After the Covid-19 pandemic closed schools, the NWEA testing organization found students fell short in math — especially Black, Hispanic and poor students.

But if student achievement hasn't risen to national norms after all this time, the taxpayers of Missouri are entitled to ask why. Some $1.5 billion in special outlays, over and above the normal budget, has been devoted to the task of reconstructing the Kansas City schools--more than $40,000 per student. Annual spending per pupil, excluding capital costs, is twice as high as in nearby suburbs. All the high schools and middle schools, as well as half the elementary schools, have been turned into magnet schools. Each year since 1987, the district has gotten an AAA rating, the highest the state awards.

Rotted buildings have been replaced with state-of-the-art facilities. The district boasts greenhouses, laboratories, a 25-acre farm, a planetarium, schools that offer "total immersion" in foreign languages, lavish athletic arenas, radio and TV studios, computers in every classroom--everything you could ask for.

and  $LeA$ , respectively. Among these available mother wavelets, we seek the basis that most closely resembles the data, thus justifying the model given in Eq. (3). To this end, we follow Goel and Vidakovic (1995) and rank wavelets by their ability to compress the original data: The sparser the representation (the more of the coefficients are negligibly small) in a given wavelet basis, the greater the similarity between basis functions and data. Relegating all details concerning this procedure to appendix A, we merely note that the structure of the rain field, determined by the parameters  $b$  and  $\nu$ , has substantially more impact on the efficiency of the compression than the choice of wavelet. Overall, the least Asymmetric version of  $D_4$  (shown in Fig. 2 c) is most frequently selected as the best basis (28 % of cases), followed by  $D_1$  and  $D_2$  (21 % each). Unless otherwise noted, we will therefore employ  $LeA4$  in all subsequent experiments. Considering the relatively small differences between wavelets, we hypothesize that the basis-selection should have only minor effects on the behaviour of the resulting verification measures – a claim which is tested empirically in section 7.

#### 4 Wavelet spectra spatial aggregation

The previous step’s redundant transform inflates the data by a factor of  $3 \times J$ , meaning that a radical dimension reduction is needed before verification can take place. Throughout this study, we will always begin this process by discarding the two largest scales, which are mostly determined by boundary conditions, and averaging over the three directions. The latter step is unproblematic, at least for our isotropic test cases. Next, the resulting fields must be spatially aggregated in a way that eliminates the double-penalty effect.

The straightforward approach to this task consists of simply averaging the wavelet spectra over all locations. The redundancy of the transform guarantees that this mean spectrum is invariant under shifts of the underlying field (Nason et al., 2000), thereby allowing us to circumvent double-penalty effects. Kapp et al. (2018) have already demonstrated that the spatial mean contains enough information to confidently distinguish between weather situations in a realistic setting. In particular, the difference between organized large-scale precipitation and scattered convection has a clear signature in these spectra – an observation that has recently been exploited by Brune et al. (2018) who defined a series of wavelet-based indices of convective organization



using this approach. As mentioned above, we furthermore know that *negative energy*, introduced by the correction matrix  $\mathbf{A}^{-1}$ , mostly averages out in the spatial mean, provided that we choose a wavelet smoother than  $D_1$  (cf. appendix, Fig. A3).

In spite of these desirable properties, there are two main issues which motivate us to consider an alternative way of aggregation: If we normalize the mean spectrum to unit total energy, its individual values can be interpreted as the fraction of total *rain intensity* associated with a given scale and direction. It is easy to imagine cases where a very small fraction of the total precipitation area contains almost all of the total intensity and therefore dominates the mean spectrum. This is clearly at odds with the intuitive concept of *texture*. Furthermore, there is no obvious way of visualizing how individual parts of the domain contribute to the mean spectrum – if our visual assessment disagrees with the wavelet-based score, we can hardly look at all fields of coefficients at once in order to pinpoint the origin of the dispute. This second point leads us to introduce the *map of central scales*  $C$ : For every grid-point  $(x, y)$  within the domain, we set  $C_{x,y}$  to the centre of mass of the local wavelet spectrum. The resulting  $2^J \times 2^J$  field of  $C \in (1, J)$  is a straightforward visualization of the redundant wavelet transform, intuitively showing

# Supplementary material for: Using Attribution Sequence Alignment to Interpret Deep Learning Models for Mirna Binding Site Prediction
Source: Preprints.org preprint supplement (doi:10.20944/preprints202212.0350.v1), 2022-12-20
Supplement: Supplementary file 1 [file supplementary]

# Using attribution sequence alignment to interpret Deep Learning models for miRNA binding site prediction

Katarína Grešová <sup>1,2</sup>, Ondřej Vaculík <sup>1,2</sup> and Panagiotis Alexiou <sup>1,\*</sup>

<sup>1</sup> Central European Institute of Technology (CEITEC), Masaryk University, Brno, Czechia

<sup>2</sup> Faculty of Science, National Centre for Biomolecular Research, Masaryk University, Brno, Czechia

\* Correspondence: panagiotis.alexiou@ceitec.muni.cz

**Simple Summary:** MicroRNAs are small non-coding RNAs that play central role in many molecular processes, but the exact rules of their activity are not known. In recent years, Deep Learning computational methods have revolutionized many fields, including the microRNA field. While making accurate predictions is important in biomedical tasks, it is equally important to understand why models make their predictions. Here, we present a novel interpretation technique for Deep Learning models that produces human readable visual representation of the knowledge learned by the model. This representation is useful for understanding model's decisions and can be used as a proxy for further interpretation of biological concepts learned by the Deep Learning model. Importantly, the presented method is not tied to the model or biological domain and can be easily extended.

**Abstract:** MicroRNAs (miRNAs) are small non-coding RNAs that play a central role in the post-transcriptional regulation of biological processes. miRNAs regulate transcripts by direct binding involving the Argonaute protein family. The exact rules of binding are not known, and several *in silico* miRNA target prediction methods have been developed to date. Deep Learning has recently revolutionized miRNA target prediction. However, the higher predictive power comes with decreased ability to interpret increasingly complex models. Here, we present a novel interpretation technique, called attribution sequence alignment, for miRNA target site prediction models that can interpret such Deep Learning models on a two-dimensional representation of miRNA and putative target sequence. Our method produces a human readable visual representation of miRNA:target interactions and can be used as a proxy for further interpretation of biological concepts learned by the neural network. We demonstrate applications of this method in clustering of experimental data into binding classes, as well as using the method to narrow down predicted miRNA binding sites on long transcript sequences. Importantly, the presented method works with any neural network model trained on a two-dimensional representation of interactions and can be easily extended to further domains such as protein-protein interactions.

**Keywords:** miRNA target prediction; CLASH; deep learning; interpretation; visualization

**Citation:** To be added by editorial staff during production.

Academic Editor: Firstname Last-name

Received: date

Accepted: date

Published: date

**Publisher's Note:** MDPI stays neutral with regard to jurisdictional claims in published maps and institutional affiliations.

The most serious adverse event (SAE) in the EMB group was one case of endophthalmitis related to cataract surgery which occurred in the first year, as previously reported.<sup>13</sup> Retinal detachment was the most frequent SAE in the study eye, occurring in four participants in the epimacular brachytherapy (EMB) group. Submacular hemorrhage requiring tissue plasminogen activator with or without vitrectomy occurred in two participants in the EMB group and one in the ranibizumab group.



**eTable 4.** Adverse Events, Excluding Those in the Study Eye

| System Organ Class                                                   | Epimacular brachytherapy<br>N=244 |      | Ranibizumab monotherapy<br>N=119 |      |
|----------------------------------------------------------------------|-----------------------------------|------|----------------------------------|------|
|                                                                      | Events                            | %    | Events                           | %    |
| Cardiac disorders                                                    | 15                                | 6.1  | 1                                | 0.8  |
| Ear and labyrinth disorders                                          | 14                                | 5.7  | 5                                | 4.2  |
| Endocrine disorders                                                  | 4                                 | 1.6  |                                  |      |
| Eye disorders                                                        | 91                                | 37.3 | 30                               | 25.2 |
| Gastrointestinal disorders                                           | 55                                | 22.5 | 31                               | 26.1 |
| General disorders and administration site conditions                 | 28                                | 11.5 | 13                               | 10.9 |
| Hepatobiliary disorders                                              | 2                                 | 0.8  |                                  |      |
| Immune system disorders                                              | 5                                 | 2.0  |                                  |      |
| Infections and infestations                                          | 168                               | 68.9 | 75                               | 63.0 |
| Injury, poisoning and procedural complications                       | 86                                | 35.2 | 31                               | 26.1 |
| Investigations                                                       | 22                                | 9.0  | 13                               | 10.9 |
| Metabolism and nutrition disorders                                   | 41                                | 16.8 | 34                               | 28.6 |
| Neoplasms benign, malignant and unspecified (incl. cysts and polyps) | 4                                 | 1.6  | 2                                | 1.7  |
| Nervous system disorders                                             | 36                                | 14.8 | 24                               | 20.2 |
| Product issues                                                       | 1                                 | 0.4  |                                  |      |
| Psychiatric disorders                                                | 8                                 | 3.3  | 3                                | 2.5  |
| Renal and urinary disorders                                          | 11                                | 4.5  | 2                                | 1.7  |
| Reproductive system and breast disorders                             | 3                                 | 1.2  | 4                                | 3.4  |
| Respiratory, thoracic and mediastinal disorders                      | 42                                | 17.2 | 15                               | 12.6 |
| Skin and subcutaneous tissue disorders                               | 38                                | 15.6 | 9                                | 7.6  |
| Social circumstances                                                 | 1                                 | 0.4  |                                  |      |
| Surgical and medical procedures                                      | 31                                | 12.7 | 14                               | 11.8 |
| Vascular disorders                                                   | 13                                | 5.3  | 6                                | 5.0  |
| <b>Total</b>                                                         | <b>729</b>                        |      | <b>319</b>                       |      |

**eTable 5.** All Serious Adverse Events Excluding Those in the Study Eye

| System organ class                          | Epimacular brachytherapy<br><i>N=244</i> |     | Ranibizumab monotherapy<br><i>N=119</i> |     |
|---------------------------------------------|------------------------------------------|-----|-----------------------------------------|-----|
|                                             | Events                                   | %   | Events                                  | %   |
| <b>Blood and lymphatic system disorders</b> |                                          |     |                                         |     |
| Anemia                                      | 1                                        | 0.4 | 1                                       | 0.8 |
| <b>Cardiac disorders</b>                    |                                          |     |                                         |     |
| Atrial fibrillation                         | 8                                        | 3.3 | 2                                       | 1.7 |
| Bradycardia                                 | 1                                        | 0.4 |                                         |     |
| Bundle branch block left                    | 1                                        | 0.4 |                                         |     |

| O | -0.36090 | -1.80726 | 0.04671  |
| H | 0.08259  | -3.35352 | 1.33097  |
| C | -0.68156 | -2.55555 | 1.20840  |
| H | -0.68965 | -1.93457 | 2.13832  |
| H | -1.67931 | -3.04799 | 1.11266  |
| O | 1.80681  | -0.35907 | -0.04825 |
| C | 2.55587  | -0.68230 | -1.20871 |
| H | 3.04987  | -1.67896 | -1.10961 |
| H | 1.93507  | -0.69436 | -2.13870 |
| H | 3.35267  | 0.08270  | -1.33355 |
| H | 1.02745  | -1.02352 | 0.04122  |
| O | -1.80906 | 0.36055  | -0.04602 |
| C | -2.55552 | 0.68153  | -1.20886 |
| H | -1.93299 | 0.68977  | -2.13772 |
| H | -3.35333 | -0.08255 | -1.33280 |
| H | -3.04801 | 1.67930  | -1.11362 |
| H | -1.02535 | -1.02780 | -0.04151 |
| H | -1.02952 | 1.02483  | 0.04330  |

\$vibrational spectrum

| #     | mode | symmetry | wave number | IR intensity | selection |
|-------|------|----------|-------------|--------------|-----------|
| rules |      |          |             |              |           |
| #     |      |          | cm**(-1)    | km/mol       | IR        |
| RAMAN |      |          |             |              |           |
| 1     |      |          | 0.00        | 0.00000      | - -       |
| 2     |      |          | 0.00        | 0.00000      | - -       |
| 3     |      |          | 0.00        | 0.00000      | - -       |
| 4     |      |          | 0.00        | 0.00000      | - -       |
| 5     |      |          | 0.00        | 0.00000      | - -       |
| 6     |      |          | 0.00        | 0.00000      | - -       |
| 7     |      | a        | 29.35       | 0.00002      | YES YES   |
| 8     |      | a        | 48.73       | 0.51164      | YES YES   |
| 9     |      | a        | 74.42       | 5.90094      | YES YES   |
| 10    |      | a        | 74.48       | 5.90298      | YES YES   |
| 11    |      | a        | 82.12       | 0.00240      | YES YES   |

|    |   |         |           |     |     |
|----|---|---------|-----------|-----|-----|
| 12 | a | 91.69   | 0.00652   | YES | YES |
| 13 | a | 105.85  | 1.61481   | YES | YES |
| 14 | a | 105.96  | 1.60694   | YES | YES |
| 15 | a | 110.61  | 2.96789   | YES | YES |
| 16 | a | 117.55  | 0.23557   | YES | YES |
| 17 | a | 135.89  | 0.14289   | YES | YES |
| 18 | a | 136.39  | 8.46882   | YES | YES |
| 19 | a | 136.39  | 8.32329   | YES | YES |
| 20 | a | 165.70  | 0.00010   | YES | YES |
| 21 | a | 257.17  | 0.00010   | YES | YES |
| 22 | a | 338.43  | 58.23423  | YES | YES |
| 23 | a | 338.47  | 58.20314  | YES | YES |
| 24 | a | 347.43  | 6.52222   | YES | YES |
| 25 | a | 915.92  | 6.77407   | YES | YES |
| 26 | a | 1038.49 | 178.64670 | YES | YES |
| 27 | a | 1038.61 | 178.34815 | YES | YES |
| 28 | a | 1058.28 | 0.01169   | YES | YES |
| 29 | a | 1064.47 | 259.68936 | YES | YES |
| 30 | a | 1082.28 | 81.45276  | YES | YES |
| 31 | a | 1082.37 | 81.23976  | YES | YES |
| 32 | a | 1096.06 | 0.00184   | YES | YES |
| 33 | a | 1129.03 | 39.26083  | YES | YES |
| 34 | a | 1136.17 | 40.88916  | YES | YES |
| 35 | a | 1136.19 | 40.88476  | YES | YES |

As Judge Clark put it, he has "allowed the district planners to dream" and "provided the mechanism for those dreams to be realized." An appeals court judge found that students in Kansas City "have in place a system that offers more educational opportunity than anywhere in America."

The goal was twofold: attracting white students from both the city and its suburbs and improving the performance of minority students. The exodus of whites has apparently been stopped, if not reversed. But the benefit to student performance has not materialized. From the evidence, you wouldn't know anything had changed.